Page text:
The Aga Khan Music Award for Zarsanga is a welcome recognition of the rich Pakhtun folk music
For three decades, artistes in Khyber Pakhtunkhwa have suffered on account of an extremist militancy. Successive governments have failed to help them overcome the difficulties. As a result, many of them have been forced to seek asylum in other countries and many have stopped performing.
The news of Aga Khan Music Awards for renowned Pashto folk music Melody Queen, Zarsanga, 82, was received with great joy. It was, in fact, a global recognition of an art deeply rooted in the soil. The Pakhtunkhwa folk music is a rich combination of the arts as practiced in its southern and northern regions. This makes it a unique cultural factor. Most of the artists are poor in financial terms but rich in musical talent. Many are barely literate but wise musically.
The Awami National Party-led KP government had reopened the lone city theatre, Nishtar Hall, and initiated several projects to restore cultural activities in the city plagued by terrorism. A full-fledged cultural policy draft was also prepared but never implemented.
Then came the Pakistan Tehreek-i-Insaf led government. Its chief minister, Pervez Khattak, initiated the project: Saqafat Kay Zinda Ameen. Local artists, including folk singers, instrumentalists, performers, poets and writers were paid Rs 30,000 monthly stipends under the scheme.
Unfortunately, the scheme was discontinued in the second tenure of the PTI government. Artistes in the KP continued to suffer as Covid-19 pandemic added to their miseries. Fewer cultural activities have been held in the provincial metropolis as Nishtar Hall remains closed.
Despite the difficult times and the threat from the militants, folk music has flourished in the KP. Several young music bands are performing in the country and abroad. Khumariyan, one such band, is on a trip to South East Africa. Karan Khan, a folk singer from Swat, is in Australia for musical concerts. Pashto music is absorbing global trends and widening its scope.
Despite difficult times and extremist militancy, folk music has flourished in the Khyber Pakhtunkhwa and young music bands are performing in the country and abroad. Khumariyan, one such band, is currently on a trip to South East Africa. Karan Khan, a folk singer from Swat, is in Australia for several musical concerts. Pashto music is absorbing global trends and widening its scope.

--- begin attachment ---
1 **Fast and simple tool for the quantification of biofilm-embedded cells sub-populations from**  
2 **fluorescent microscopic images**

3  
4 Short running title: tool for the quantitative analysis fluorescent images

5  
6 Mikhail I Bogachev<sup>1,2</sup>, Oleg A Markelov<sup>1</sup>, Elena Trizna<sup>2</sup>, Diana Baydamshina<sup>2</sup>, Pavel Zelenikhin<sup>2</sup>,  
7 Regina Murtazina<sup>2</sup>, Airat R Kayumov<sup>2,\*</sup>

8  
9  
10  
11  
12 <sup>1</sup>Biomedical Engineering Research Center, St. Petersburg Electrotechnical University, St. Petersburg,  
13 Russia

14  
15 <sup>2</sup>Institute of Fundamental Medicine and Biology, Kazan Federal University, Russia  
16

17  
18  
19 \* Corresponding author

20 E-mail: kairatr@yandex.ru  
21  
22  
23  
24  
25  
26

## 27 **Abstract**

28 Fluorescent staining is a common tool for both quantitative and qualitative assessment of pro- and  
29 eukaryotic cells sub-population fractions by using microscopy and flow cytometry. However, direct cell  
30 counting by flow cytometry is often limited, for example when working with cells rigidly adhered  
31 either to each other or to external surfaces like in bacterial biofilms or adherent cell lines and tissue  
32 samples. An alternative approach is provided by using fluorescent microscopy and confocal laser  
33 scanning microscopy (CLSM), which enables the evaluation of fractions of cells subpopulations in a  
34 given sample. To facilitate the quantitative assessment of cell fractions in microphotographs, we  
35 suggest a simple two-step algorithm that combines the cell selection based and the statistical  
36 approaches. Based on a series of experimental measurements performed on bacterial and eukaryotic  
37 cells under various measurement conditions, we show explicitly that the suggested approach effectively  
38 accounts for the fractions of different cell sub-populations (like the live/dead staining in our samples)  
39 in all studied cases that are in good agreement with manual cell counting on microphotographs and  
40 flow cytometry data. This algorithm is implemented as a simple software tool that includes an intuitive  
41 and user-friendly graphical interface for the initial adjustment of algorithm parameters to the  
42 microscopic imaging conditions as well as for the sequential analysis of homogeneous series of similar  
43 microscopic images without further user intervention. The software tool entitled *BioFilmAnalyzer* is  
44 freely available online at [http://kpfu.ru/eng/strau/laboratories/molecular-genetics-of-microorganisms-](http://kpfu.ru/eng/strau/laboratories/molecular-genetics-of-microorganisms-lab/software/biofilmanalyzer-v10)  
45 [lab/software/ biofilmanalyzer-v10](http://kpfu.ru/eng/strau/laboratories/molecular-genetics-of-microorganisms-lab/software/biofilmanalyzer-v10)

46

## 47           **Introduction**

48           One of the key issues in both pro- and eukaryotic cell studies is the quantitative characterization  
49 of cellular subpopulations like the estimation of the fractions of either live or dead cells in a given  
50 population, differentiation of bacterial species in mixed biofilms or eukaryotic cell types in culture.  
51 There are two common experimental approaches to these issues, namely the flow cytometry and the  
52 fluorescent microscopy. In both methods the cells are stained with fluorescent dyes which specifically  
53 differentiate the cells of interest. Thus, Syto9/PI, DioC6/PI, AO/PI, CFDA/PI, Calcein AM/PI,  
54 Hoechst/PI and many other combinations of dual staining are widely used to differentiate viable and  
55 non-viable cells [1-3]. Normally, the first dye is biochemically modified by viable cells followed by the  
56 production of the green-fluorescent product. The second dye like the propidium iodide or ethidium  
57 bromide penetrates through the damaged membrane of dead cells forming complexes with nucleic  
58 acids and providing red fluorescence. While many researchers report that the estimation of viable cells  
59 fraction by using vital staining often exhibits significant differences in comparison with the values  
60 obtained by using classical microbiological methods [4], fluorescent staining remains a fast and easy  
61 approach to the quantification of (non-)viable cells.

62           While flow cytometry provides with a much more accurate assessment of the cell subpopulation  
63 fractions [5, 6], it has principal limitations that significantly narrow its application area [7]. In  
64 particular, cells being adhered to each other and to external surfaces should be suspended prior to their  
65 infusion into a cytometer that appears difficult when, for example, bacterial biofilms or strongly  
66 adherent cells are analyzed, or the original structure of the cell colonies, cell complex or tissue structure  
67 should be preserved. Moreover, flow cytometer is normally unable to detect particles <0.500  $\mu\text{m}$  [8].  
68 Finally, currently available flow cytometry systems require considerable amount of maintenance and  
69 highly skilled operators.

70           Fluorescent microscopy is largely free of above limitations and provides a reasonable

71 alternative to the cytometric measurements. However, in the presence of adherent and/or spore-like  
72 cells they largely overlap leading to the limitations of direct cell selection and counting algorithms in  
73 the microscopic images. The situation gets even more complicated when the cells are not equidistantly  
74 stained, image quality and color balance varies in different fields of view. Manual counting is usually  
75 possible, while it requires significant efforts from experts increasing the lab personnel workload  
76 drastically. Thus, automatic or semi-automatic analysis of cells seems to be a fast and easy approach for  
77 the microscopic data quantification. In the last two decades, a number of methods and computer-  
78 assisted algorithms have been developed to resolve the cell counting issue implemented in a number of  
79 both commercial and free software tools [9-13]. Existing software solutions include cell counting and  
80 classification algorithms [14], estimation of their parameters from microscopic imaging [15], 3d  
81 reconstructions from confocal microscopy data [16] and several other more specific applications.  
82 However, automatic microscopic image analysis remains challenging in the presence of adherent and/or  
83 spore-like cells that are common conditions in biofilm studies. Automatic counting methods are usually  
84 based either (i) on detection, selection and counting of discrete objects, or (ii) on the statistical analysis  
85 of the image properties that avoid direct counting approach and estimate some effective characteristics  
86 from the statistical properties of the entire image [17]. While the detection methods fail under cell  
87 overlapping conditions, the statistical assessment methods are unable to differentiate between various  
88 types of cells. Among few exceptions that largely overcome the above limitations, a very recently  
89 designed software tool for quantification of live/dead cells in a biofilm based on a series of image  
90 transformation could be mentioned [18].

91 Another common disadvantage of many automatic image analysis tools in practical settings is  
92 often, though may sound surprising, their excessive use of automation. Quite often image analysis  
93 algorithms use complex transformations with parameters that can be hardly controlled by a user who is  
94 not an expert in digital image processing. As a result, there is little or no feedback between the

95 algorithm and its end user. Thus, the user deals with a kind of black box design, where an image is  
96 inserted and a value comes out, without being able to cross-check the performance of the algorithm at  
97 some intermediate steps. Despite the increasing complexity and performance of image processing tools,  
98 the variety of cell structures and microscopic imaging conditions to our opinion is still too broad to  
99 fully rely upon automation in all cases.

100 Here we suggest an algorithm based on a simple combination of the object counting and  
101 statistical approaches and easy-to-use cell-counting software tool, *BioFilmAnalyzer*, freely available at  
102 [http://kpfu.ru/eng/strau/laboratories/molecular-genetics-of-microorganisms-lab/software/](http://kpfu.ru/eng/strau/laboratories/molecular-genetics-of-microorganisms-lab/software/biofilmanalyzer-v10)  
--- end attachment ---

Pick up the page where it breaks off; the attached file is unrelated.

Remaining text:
Gulpanra, Bakhtiar Khattak and Humayoun Khan are taking Pashto music to new heights. Some Afghan musicians have also arrived in Peshawar and the newly merged tribal districts following the Taliban takeover of Kabul. However, Dabgari Bazaar, with its 200-year-old music street, remains deserted as the artists and musicians have shifted to other parts of city following a crackdown during the 2002-7 Muttahida Majlis-i-Amal government.
In Swat, artists have been alarmed recently by reports of a Taliban return to the area. Talking to The News on Sunday, a senior musician said: “Fear is natural. All of us are afraid due to the disturbing news coming from the valley. The authorities have assured us of security. However, we have warned our community, especially women, to limit their movements out of city and keep away from late-night concerts.”
Rashid Ahmad Khan, the Hunari Tolana Welfare Society (HTWS) president, says the province has a rich music legacy. “The artistes set up a welfare society in 2019. Over 2,000 folk singers, instrumentalists and composers registered with the society from across the province. Around 300 of them were Afghan artistes.”
An official of the KP Culture Directorate says that the government has been working to establish a music street in the city to promote folk music.
“A Rs 500 million endowment fund has been approved for the welfare of the artistes. Ailing and deserving folk artists are being taken care of,” the official added.
The writer is a Peshawar-based journalist. He mostly writes on art, culture, education, youth and minorities. He tweets at @Shinwar-9